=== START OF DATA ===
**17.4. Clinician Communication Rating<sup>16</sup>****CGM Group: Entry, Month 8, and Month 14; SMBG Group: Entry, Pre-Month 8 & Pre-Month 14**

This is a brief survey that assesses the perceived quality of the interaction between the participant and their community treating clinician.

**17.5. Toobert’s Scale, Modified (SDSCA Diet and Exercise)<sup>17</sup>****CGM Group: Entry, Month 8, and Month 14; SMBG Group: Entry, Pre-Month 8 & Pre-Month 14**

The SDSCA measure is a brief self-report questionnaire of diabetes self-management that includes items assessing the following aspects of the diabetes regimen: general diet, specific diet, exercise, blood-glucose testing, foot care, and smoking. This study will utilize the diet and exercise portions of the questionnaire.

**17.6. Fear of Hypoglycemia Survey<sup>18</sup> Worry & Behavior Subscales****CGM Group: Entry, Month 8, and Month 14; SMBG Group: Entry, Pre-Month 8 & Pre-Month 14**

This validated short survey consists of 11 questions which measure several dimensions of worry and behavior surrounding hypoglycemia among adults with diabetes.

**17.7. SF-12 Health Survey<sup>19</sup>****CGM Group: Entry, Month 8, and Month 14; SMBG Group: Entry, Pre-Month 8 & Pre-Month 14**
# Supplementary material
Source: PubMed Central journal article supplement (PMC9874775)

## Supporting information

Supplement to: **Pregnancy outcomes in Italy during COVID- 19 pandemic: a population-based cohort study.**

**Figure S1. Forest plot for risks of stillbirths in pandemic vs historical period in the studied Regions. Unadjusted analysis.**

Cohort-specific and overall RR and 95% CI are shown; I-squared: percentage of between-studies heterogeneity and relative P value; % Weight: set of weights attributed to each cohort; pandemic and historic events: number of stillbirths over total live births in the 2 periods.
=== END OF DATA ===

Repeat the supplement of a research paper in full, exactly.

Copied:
**17.4. Clinician Communication Rating<sup>16</sup>****CGM Group: Entry, Month 8, and Month 14; SMBG Group: Entry, Pre-Month 8 & Pre-Month 14**

This is a brief survey that assesses the perceived quality of the interaction between the participant and their community treating clinician.

**17.5. Toobert’s Scale, Modified (SDSCA Diet and Exercise)<sup>17</sup>****CGM Group: Entry, Month 8, and Month 14; SMBG Group: Entry, Pre-Month 8 & Pre-Month 14**

The SDSCA measure is a brief self-report questionnaire of diabetes self-management that includes items assessing the following aspects of the diabetes regimen: general diet, specific diet, exercise, blood-glucose testing, foot care, and smoking. This study will utilize the diet and exercise portions of the questionnaire.

**17.6. Fear of Hypoglycemia Survey<sup>18</sup> Worry & Behavior Subscales****CGM Group: Entry, Month 8, and Month 14; SMBG Group: Entry, Pre-Month 8 & Pre-Month 14**

This validated short survey consists of 11 questions which measure several dimensions of worry and behavior surrounding hypoglycemia among adults with diabetes.

**17.7. SF-12 Health Survey<sup>19</sup>****CGM Group: Entry, Month 8, and Month 14; SMBG Group: Entry, Pre-Month 8 & Pre-Month 14**
# Supplementary material
Source: PubMed Central journal article supplement (PMC9874775)

## Supporting information

Supplement to: **Pregnancy outcomes in Italy during COVID- 19 pandemic: a population-based cohort study.**

**Figure S1. Forest plot for risks of stillbirths in pandemic vs historical period in the studied Regions. Unadjusted analysis.**

Cohort-specific and overall RR and 95% CI are shown; I-squared: percentage of between-studies heterogeneity and relative P value; % Weight: set of weights attributed to each cohort; pandemic and historic events: number of stillbirths over total live births in the 2 periods.